A doctor works primarily to pinpoint the causes of symptoms and how to fix them – whether it’s by taking medication or changing diet. But after one or two appointments, the rest is up to you. To help create and execute long-term plans outside the office, more doctors are turning to health coaches who work closely with them (some even sit in on physicals) to develop specific regimens and goals. Using physical exams, tests, blood work, and medication orders, health coaches then keep in touch regularly to ensure patients hit those targets.
“Most of the problems people go to their doctors for are chronic, lifestyle-related questions, and doctors don’t have the time to treat them,” says Dr. Frank Lipman, a New York physician who uses six health coaches in his practice. “Health coaches can give patients specific recipes and hold their hands. I don’t have the time to do that.”
Health coaches are not doctors or nurses. They can’t conduct medical procedures, prescribe meds, or order blood work, and they leave medication questions to the doctors – like whether supplements conflict with a pill or whether a patient can stop taking a medication early. Because of this, they aren’t required to have the usual medical degree. Duke Integrative Medicine instituted a health-coach training program in 2008 that involves a three-month course and has so far graduated 575 coaches. The Institute for Integrative Nutrition in New York, another prominent training center for health coaches, offers an online course that takes a year.
Most coaches help with the simple things: exercise, following specific instructions from doctors, and eating. “Health and lifestyle behaviors are difficult to change,” says Linda Smith, director of professional and public programs at Duke Integrative Medicine. “Most of us know we need to exercise more, eat better, and work more effectively with stress. But it takes a partnership to walk this walk to activate these medical recommendations.”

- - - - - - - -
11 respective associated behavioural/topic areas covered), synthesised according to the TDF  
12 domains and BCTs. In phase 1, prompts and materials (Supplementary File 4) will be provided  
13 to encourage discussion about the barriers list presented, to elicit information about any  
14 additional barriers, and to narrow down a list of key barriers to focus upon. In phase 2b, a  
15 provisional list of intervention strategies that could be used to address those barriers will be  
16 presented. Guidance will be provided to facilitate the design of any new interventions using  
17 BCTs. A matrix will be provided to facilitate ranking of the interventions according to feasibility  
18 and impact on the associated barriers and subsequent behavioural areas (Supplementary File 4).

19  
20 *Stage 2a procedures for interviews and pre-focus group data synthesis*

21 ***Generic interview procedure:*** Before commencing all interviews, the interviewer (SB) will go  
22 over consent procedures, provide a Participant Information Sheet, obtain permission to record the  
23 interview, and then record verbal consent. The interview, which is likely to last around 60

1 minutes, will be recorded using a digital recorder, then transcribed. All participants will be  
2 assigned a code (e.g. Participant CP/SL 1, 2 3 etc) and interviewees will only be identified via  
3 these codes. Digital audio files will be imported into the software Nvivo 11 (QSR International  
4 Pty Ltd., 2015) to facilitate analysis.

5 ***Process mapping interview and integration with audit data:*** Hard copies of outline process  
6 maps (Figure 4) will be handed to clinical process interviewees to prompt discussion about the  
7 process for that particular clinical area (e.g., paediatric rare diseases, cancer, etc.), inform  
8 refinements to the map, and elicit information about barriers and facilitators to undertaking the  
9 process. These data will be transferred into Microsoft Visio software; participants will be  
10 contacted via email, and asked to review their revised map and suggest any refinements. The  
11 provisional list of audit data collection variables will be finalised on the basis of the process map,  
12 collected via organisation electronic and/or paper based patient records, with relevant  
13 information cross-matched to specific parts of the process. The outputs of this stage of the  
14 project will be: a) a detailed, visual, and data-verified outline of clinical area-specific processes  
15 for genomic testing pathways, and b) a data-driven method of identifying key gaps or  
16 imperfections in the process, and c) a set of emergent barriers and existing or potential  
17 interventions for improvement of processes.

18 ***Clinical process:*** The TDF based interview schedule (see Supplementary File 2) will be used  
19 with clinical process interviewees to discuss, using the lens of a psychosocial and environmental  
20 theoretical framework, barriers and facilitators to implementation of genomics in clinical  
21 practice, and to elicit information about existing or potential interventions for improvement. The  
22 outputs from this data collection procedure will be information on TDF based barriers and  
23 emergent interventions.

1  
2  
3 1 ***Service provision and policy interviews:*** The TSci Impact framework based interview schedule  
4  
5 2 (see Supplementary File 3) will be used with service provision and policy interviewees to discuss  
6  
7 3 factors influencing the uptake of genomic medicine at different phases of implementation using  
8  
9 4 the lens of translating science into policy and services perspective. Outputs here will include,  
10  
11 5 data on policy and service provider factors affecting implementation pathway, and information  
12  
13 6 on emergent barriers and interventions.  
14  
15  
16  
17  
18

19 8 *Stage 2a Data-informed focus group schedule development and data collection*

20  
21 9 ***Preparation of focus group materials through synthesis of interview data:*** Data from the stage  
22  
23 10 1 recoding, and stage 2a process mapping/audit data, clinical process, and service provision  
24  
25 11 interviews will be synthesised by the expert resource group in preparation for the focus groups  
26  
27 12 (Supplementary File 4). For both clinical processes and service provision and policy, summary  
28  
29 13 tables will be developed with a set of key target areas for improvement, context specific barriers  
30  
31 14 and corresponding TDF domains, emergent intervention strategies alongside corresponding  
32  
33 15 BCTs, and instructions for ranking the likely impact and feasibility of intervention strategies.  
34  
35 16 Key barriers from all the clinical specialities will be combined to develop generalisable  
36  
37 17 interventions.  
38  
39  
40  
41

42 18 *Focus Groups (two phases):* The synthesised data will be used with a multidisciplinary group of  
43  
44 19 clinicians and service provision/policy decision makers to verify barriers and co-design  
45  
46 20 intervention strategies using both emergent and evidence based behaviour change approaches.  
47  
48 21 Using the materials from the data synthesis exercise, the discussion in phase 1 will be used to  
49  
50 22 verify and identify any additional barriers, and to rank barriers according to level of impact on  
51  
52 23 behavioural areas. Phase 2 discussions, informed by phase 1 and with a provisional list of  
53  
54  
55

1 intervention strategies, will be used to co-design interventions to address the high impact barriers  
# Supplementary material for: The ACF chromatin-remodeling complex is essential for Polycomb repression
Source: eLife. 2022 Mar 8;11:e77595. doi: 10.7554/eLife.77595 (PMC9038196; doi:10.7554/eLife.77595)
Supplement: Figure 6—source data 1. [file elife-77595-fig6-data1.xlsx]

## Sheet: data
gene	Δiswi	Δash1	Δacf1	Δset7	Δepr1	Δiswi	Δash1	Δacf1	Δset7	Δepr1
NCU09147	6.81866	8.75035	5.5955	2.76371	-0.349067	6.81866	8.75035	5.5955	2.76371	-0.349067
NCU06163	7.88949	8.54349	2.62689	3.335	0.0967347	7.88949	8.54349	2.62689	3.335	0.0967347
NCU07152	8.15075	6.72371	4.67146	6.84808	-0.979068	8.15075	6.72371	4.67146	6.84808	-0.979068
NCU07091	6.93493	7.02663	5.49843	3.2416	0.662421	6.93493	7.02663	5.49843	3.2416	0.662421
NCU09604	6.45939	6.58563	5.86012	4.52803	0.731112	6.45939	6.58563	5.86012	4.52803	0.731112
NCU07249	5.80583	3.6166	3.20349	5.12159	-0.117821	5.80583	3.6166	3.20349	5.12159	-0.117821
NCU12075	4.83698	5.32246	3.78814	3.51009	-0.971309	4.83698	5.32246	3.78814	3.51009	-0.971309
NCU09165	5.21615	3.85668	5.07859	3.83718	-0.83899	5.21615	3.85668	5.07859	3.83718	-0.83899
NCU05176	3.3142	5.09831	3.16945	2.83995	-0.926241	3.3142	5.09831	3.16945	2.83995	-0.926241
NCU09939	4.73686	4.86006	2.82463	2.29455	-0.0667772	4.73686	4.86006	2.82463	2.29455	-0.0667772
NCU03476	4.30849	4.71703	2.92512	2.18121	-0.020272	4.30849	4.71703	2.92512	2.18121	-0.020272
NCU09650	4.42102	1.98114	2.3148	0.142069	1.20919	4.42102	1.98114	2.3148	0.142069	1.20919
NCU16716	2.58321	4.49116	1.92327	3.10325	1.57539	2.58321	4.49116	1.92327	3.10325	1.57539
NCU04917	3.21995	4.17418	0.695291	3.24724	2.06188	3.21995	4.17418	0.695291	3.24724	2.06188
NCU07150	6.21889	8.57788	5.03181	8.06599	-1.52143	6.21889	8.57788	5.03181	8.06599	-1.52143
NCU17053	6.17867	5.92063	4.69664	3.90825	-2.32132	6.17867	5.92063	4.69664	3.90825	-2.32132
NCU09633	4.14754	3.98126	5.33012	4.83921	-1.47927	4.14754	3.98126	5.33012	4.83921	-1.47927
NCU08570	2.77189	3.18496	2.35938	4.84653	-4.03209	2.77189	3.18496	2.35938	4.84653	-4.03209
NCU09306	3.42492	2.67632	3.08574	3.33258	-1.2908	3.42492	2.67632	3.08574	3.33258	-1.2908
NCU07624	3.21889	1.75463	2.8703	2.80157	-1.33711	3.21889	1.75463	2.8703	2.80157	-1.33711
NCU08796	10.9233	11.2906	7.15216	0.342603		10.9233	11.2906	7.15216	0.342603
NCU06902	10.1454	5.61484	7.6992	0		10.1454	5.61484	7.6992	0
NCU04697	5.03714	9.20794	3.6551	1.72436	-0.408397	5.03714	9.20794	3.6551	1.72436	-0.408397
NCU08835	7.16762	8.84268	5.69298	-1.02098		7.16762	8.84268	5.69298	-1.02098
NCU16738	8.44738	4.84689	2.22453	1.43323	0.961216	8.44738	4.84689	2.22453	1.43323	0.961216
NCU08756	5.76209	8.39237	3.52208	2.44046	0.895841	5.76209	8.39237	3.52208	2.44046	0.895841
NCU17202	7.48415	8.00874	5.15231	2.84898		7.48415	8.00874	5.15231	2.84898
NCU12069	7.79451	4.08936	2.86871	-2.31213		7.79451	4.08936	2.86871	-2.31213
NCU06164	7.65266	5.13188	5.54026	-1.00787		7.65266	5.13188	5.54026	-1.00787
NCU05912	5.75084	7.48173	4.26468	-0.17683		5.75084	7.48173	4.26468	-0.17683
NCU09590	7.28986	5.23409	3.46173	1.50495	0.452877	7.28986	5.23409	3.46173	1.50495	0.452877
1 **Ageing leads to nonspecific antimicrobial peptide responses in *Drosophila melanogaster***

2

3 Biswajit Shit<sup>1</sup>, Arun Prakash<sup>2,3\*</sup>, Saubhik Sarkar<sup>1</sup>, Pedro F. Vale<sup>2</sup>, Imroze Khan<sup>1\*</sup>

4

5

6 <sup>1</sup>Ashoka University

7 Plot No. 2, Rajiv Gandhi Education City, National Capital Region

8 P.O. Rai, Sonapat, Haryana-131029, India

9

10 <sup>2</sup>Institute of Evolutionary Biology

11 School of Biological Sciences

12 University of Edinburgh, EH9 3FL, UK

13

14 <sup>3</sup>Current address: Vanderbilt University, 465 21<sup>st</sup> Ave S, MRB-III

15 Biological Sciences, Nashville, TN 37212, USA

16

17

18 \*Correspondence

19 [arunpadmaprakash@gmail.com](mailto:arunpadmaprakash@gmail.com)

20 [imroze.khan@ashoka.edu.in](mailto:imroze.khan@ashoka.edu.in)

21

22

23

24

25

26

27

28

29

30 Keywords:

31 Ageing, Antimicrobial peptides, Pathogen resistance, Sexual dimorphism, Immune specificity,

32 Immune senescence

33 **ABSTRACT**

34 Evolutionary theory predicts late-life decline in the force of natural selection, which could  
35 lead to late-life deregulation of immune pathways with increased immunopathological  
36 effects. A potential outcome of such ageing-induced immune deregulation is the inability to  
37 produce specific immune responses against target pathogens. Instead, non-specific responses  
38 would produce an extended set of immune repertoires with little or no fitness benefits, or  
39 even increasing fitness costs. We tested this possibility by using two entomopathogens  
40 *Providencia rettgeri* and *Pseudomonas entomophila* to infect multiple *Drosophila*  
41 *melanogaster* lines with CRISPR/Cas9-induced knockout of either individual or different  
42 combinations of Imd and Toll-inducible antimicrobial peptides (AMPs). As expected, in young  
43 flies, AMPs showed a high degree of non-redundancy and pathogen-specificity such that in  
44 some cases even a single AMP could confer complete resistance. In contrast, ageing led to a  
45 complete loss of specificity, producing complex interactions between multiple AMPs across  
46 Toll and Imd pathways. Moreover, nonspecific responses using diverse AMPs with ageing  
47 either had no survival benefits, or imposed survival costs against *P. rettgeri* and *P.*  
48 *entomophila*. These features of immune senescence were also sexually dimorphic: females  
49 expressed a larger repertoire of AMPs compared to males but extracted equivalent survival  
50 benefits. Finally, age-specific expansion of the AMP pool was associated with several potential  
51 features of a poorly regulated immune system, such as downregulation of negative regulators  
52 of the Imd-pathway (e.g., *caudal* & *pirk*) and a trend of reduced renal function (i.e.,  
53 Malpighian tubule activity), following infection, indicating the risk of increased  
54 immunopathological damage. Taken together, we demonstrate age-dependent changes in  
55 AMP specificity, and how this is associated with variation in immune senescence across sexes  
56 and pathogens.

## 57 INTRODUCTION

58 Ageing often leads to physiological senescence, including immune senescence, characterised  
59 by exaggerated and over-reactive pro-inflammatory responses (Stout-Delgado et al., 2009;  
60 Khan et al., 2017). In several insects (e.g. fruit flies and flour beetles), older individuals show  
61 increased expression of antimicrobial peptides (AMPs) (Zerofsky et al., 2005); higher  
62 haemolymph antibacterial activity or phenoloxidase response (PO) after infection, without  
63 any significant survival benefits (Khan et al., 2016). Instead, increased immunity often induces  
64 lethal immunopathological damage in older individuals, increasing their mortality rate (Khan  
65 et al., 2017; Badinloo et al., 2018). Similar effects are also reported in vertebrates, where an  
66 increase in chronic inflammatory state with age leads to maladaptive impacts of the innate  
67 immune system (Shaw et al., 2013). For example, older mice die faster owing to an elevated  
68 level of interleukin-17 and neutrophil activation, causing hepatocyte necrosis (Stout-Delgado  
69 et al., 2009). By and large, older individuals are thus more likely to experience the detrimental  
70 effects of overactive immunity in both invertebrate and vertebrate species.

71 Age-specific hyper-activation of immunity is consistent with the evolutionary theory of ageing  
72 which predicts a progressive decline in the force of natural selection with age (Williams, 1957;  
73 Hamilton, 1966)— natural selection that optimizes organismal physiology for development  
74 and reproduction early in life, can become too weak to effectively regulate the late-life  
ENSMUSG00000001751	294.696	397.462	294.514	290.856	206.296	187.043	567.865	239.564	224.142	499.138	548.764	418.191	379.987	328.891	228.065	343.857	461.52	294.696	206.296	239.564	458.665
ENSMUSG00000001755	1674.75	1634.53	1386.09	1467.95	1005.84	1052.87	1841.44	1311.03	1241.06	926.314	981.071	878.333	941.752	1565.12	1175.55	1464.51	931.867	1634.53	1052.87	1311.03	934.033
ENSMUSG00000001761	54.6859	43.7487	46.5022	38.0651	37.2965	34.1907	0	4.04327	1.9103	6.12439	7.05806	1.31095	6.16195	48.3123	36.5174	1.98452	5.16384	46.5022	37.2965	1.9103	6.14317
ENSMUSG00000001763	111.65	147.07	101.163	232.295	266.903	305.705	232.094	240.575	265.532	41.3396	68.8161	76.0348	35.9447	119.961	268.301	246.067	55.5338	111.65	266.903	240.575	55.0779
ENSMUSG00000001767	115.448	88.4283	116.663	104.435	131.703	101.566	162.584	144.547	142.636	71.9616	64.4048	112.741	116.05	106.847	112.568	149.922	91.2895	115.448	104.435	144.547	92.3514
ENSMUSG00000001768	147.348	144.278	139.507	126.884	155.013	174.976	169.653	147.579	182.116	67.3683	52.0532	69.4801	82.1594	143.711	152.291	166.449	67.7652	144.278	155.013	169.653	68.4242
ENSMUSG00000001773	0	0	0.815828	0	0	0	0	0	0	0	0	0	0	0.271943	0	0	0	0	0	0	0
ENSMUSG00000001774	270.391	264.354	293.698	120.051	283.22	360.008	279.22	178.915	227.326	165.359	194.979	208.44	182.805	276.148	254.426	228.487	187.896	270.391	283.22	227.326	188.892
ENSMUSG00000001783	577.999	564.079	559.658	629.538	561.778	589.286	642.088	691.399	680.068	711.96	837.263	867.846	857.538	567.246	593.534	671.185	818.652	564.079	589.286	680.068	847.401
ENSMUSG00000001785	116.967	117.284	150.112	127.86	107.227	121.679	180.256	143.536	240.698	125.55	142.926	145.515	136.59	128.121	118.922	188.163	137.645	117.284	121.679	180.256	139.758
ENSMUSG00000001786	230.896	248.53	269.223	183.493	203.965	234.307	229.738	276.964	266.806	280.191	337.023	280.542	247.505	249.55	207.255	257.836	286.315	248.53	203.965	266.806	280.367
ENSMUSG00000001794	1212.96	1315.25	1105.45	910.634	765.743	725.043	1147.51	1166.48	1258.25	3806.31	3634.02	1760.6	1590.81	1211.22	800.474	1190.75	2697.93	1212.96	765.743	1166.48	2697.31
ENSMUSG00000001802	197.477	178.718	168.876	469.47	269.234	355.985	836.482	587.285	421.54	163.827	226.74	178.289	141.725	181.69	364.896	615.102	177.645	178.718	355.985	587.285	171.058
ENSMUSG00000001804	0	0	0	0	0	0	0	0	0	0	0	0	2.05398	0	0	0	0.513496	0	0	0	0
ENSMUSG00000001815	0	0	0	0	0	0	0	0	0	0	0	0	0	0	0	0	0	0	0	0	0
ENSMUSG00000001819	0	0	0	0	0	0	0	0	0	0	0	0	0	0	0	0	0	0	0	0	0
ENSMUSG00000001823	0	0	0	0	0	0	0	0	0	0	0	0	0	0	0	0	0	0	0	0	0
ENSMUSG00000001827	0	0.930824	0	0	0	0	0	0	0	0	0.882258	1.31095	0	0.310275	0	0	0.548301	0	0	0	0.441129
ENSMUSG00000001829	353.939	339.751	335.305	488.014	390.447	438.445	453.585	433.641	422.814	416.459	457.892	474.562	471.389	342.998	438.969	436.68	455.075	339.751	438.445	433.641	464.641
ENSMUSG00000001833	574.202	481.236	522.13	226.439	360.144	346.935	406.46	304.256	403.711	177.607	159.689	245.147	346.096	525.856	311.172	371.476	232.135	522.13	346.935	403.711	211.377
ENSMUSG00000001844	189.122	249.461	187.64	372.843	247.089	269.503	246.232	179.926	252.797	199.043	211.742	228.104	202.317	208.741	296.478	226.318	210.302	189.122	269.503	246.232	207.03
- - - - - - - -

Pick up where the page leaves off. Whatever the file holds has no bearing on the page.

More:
Like many of her colleagues, Kerry Bajaj, a New York–based health coach, stays in regular contact with her patients – checking in monthly, weekly, or daily, depending on the need, often by e-mail but sometimes by phone and during follow-up visits to a doctor. Given the time spent with patients, bad habits that would have otherwise gone unreported can be spotted. Bajaj saw that one male patient with a low sperm count was always balancing a cell phone on his lap; she suggested keeping the phone on a nearby surface instead, since even the low levels of radiation from a cell phone can reduce sperm production.
Everyday nutrition usually plays the biggest role in health coaching. “People think they’re eating healthy. But we throw out a lot of what they eat,” says Bajaj, who usually suggests a purge of the standard diet: junking gluten, sugar, dairy, caffeine, and alcohol and shifting to a diet heavy on fruits and veggies, quinoa, beans, nuts, and salads.
While coaching isn’t usually covered by insurance, some companies like Humana, which insures more than 12 million people, have begun including in-house health coaches in their benefits packages. For everyone else, a coach’s rates are comparable to those of a personal trainer – about $100 a full session, although they check up frequently and free of charge. A long-term plan will end up costing somewhere in the ballpark of $1,000 with regular visits over the course of about four months.
The most important role for health coaches may be as the alternative to the speedy follow-up appointment that leaves some patients wondering what to do next. “The traditional treatment is not to ask questions like ‘What might have caused this?’ ” says chef Seamus Mullen, who saw a health coach to help him deal with own case of rheumatoid arthritis. “That’s one of the greatest things about health coaches. They say, ‘What are the myriad possibilities that could lead to this?’ This is like having an advocate for your well-being.”